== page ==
7. 4 out of 5

    Just A. Bean

    Not quite what I expected. I thought this would be an academic history of mysticism and an outline of the major beliefs. This was more of a self-help books for aspiring mystics. Given that, I found it pretty useful. The prose was chatty and accessible, with a Q&A appendix for each chapter, clarifying many points I'd wondered about with in the chapters. I read it straight through, but I'd recommend reading by topic: the chapter, the Q&A, then the quotes by mystics. It's definitely a beginner's book Not quite what I expected. I thought this would be an academic history of mysticism and an outline of the major beliefs. This was more of a self-help books for aspiring mystics. Given that, I found it pretty useful. The prose was chatty and accessible, with a Q&A appendix for each chapter, clarifying many points I'd wondered about with in the chapters. I read it straight through, but I'd recommend reading by topic: the chapter, the Q&A, then the quotes by mystics. It's definitely a beginner's book, which is where I am on this topic, and it's orientated towards people who are or can be part of a Christian community. I found that last point a little frustraiting because I was looking for something an unchurched person can do (in that there is no church in my area). Still, I did find the book insightful, and will probably read it again.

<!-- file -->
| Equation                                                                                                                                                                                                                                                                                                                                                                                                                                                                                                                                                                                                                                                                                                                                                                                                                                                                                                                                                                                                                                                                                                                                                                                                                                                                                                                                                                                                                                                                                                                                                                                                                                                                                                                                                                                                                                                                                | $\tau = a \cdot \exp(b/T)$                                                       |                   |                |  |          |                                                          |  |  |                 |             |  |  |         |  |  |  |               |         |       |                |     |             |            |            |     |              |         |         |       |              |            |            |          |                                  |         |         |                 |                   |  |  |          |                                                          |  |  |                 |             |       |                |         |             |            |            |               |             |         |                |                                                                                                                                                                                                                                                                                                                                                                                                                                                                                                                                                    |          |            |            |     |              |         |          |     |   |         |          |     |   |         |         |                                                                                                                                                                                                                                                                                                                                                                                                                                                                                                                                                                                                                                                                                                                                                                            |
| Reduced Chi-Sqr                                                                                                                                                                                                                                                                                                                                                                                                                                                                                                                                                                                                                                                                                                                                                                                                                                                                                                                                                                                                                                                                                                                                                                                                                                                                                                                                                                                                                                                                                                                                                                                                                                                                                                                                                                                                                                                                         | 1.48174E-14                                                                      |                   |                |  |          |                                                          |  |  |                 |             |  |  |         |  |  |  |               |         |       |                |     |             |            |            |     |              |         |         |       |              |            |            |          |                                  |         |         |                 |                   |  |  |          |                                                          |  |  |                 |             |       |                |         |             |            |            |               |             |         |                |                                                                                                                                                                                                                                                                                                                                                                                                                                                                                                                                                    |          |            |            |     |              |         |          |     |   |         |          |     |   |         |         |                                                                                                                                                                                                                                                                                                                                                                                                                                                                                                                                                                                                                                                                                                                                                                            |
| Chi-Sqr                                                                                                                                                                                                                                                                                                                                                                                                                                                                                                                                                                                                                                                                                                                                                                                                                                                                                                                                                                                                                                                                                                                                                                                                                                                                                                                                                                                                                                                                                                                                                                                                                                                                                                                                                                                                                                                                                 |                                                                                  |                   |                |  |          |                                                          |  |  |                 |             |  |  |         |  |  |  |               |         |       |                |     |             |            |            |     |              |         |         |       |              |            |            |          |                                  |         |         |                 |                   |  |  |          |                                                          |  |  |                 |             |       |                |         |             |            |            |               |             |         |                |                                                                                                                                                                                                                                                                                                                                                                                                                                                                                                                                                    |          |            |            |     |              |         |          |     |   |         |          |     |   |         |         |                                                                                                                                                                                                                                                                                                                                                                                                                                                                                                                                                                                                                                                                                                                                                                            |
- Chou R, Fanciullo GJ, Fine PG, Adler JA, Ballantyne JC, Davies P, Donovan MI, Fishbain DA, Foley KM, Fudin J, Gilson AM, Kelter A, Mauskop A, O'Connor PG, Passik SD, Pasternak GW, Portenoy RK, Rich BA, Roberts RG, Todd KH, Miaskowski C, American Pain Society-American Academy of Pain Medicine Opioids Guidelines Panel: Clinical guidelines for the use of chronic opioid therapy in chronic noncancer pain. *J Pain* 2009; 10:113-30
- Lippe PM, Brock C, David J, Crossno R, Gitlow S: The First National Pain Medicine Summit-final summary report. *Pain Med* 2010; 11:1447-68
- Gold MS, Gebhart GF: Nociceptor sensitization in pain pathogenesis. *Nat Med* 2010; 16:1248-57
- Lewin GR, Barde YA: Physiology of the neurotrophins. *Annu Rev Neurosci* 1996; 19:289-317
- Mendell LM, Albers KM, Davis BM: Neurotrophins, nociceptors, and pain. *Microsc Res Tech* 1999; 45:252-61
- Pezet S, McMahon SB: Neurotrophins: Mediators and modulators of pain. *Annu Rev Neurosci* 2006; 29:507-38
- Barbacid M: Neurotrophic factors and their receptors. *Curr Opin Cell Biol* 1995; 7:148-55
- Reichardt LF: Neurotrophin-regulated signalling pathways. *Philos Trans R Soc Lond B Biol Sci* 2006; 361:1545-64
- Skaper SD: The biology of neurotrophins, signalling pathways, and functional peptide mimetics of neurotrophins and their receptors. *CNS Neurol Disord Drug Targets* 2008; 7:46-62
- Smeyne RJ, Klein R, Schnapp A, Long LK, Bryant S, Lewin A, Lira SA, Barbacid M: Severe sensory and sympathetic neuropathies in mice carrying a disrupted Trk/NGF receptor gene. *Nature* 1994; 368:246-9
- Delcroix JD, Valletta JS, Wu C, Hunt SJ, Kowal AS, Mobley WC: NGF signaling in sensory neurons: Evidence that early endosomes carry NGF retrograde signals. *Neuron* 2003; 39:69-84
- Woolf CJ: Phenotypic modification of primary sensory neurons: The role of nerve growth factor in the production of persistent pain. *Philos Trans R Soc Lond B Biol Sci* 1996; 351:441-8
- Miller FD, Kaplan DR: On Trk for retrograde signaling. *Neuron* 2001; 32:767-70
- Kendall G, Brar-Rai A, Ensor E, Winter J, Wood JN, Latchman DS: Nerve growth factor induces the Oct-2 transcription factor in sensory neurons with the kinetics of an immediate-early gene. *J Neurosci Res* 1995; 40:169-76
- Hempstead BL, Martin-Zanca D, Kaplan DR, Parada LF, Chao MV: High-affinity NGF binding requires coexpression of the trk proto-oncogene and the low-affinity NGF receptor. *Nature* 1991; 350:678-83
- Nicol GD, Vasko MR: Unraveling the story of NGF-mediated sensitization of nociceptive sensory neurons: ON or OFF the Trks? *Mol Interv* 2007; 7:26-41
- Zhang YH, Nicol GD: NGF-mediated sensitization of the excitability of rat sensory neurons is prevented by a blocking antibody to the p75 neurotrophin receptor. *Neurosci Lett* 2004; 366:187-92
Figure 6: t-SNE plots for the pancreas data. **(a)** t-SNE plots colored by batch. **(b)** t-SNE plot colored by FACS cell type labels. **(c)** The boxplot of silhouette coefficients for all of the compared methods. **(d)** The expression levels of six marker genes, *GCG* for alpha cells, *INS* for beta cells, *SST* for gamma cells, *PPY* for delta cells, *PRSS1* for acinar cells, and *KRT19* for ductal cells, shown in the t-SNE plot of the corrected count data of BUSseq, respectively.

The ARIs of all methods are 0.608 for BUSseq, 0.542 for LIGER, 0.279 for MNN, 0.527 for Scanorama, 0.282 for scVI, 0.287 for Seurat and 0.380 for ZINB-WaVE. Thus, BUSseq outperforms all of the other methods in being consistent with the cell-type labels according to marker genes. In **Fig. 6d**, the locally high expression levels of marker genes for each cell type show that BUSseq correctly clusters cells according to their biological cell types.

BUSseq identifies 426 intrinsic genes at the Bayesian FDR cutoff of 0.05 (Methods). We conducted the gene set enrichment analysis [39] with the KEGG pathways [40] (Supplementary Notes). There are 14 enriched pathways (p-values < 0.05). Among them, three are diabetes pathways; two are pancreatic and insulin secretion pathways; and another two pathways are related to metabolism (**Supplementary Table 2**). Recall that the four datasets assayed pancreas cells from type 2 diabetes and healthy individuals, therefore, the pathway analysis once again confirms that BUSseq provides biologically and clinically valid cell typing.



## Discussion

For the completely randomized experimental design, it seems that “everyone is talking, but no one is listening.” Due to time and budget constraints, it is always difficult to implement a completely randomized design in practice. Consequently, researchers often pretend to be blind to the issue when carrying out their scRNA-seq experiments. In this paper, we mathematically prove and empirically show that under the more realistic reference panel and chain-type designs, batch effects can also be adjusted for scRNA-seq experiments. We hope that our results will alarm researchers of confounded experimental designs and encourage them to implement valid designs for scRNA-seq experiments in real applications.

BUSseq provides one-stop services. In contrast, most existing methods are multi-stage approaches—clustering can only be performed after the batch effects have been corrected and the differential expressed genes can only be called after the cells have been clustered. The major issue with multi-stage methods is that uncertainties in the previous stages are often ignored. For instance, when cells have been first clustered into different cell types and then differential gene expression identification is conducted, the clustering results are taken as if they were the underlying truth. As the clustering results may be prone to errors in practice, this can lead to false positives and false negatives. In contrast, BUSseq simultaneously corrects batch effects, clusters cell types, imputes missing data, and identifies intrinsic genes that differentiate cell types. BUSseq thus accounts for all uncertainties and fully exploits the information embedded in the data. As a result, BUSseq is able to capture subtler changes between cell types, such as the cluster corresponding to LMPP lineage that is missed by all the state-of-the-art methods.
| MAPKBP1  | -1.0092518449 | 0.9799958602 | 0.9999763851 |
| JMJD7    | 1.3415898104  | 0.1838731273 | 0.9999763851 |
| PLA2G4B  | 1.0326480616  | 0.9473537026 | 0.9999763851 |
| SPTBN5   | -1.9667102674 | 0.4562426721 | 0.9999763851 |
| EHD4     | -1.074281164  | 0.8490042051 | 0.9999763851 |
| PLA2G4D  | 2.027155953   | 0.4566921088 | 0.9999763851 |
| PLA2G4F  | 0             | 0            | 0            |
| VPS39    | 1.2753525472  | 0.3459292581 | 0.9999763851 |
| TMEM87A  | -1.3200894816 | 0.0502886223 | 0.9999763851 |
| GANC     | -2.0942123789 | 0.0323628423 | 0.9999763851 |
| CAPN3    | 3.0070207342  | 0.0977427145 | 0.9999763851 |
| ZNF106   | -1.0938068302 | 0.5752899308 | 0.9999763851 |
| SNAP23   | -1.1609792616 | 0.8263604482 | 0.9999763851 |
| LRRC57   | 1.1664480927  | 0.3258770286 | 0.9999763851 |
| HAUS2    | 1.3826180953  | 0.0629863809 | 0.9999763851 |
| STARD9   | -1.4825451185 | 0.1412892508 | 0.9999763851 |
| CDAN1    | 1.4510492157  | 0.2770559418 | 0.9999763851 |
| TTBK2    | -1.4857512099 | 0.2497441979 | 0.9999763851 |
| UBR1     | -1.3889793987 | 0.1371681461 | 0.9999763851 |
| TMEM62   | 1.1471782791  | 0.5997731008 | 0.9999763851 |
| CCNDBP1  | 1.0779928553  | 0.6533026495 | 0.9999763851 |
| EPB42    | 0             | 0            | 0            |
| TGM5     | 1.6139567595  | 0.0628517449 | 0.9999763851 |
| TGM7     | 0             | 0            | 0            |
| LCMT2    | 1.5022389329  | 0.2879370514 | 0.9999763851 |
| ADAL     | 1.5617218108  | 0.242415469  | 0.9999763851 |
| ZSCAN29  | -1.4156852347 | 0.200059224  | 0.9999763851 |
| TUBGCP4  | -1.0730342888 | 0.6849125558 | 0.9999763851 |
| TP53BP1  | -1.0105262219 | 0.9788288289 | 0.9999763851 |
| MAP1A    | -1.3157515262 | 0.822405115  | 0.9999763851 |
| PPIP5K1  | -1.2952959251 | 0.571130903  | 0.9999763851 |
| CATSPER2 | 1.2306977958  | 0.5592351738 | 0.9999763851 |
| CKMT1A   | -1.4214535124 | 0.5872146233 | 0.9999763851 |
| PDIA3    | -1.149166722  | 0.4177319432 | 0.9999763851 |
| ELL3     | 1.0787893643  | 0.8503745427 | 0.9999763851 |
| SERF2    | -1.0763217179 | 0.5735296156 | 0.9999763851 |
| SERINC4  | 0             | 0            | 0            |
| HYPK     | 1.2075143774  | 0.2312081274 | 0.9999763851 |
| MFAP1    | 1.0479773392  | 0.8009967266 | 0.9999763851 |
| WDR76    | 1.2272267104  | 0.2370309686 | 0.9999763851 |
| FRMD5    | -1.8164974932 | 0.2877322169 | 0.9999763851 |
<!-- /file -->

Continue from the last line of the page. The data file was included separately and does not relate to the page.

8. 4 out of 5

    lisa